Being lucky enough to have had experience in the hospitality industry, I was taught many pertinent lessons that I apply to my profession and my life. I think the subject of patient comfort should be taught or should be addressed at least for an hour in Dental Hygiene & Dental School.

Dental anxiety affects everyone to some extent. Until you are personally in the situation, you cannot appreciate the impact that it actually has.

I am actually looking for a new dentist for myself and my husband. It seems all the dentists I had known or worked for had retired or just stopped practicing, so I literally had to search myself to find the right one for us. That alone became a challenge. As a licensed professional, I will tell you that I feel for the public. Just that small task became a difficult one for me, realizing that most people have absolutely no connection to any dental contacts on a personal level.

Especially today, we become so wrapped up in the daily nuances that we may forget about why we are actually practicing in the first place. But really? Lets not lose sight of why we are in practice.

After letting the office know my father was a periodontist and I was a hygienist, you would think we would have a few things in common, but that did not help our situation in the least. The first connection – front desk. We all know how important that first minute walking into an office can be. When we first arrived for our appointment, we were told that we did not have one in the computer. Maybe because the receptionist was wearing all hats – she was the hygienist, assistant and front desk person – it did not end up on the schedule.

However, they did finally accommodate us and did perform our prophy’s and exam. The hygienist told my husband to come back for his teeth to be polished, as the clock approached 5:00 PM. After reminding the doctor not to forgot to call in a prescription for my husband, he left the number in the office. So calling the pharmacy with no prescription called in was a bit frustrating.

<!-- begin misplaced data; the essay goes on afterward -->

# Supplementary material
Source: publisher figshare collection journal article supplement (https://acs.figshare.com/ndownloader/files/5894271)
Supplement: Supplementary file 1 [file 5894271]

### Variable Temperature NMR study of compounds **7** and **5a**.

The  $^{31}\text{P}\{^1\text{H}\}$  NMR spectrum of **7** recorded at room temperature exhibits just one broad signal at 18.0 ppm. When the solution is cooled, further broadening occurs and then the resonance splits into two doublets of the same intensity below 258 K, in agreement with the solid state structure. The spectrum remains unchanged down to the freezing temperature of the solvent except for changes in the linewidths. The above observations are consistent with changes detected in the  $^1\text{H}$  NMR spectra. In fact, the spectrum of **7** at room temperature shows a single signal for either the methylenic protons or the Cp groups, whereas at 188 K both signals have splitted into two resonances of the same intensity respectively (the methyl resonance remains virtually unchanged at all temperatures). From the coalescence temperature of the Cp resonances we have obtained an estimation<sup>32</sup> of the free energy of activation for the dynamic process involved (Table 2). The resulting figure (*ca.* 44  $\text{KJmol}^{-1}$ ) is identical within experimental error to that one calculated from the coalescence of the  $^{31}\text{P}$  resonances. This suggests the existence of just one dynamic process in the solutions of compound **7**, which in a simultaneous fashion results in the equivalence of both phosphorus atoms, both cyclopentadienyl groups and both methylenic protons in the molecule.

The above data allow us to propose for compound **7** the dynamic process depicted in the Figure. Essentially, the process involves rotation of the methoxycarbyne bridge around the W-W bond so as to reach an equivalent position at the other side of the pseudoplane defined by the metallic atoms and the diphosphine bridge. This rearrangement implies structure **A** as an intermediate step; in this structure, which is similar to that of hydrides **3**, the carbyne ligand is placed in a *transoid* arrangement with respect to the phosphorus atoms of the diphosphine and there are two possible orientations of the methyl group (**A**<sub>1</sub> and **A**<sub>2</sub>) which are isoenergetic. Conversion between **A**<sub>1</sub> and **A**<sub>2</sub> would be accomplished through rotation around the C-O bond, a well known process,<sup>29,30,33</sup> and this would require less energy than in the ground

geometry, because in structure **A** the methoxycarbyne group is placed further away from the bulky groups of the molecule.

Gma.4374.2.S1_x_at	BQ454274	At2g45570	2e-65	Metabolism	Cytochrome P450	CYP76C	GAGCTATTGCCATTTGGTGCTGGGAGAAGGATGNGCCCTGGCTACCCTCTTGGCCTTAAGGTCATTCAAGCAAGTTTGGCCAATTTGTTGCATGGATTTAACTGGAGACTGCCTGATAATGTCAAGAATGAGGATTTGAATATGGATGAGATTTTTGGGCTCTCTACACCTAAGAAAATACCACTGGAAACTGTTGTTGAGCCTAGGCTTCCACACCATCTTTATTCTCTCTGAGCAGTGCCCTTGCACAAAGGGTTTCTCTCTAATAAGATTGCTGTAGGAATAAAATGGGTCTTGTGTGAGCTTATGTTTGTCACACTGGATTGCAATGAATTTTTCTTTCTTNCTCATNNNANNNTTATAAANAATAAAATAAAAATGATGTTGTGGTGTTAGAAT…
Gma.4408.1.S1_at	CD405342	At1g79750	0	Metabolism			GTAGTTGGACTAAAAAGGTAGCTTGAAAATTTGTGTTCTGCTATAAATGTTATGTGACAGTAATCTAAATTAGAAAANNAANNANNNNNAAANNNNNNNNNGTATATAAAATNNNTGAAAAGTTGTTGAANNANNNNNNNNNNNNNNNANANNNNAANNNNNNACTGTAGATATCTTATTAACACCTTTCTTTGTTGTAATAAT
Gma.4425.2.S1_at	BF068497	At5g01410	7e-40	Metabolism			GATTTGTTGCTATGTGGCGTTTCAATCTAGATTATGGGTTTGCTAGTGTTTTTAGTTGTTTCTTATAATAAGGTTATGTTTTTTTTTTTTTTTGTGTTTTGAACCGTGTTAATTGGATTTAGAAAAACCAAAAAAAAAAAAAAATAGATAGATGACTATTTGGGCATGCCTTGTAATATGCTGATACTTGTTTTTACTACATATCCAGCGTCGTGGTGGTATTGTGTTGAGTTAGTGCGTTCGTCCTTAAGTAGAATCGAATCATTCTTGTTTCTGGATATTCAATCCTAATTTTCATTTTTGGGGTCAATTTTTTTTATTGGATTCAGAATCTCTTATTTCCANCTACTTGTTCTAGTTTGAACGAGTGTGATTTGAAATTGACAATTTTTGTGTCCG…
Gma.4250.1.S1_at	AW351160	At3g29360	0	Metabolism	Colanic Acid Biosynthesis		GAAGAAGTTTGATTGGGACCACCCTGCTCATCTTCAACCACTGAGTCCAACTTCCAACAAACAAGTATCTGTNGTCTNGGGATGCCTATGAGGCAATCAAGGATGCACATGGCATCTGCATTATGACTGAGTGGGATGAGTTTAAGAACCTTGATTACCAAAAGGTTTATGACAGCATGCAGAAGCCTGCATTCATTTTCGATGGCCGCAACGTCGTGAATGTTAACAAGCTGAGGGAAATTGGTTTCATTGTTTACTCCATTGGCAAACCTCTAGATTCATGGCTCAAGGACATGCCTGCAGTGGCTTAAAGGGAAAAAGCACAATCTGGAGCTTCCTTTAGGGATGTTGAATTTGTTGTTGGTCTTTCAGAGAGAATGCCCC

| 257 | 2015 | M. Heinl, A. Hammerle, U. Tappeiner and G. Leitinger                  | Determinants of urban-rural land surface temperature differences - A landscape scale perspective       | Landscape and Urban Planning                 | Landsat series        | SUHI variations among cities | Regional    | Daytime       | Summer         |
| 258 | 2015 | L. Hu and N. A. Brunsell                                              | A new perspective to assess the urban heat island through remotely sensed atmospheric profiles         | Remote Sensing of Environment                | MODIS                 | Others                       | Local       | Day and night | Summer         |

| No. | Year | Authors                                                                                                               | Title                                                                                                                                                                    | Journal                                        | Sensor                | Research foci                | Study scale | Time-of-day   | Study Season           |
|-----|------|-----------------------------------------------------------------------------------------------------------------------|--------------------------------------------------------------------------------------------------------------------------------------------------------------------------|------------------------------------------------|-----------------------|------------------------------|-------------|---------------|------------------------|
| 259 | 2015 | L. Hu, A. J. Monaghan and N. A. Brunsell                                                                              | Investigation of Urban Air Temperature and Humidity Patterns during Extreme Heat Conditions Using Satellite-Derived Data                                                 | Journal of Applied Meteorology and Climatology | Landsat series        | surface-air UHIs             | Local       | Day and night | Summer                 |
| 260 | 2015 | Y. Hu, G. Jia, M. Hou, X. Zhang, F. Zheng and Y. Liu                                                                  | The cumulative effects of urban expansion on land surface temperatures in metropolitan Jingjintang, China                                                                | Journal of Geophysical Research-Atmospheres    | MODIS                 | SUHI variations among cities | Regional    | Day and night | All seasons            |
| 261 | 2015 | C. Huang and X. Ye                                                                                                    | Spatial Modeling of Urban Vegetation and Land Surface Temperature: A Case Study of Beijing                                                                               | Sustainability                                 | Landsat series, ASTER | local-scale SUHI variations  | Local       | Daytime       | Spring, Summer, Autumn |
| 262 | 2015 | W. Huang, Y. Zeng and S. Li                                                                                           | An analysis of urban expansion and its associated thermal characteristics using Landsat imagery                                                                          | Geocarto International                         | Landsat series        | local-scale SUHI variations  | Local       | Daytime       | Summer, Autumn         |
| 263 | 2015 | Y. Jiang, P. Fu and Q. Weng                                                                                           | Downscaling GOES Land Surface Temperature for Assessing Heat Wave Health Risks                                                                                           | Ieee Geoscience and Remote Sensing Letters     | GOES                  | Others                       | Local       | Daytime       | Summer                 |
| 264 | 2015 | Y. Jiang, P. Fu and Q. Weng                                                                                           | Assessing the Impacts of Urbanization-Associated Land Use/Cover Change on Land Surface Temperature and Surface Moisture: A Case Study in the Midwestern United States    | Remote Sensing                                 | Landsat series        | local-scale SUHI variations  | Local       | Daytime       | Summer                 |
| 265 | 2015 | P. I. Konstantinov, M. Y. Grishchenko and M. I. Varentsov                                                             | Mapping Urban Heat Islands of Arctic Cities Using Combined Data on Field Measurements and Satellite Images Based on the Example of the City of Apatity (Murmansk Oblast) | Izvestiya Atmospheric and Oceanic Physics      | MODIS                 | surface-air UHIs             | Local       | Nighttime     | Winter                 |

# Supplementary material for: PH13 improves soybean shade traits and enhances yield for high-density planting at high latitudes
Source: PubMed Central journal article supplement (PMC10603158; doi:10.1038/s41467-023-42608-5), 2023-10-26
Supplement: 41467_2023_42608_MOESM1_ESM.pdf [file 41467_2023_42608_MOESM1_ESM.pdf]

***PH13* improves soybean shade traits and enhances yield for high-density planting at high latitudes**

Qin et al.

If this happens to us as dental professionals, I can only imagine how the public must feel, not knowing anything about dentistry and how the system works. I believe we must go back to basics and put ourselves in the position of our patients. Although it sounds elementary, there is just no dollar amount you can put on genuine caring for the patient.

It is invaluable – make your patient as comfortable as possible, from the minute they call to the minute they leave.

References

  1. https://www.ncbi.nlm.nih.gov/pmc/articles/PMC3782017/#R1
  2. https://www.ncbi.nlm.nih.gov/pmc/articles/PMC3782017/#R2
  3. https://www.ncbi.nlm.nih.gov/pmc/articles/PMC3782017/#R3
  4. https://www.ncbi.nlm.nih.gov/pmc/articles/PMC3782017/#R4
  5. https://www.ncbi.nlm.nih.gov/pmc/articles/PMC3782017/#R5
  6. https://www.ncbi.nlm.nih.gov/pmc/articles/PMC3782017/#R6
  7. https://www.ncbi.nlm.nih.gov/pmc/articles/PMC3782017/#R7
  8. https://www.ncbi.nlm.nih.gov/pmc/articles/PMC3782017/#R8
  9. https://www.ncbi.nlm.nih.gov/pmc/articles/PMC3782017/#R9
  10. https://www.ncbi.nlm.nih.gov/pmc/articles/PMC3782017/#R10
  11. https://www.ncbi.nlm.nih.gov/pmc/articles/PMC3782017/#R11
  12. https://www.ncbi.nlm.nih.gov/pmc/articles/PMC3782017/#R12

About the Author

Dale Audrey Ungar R.D.H. is the award-winning Founder and CEO,Oral Fitness Inc., Dale Audrey R.D.H. a Registered Dental Hygienist since 1983. Driven to educate people’s views about their Oral Care and its importance to your overall health. Visit her website: www.daleaudrey.com To set up a call time with Dale Audrey, please click here: https://calendly.com/daleaudrey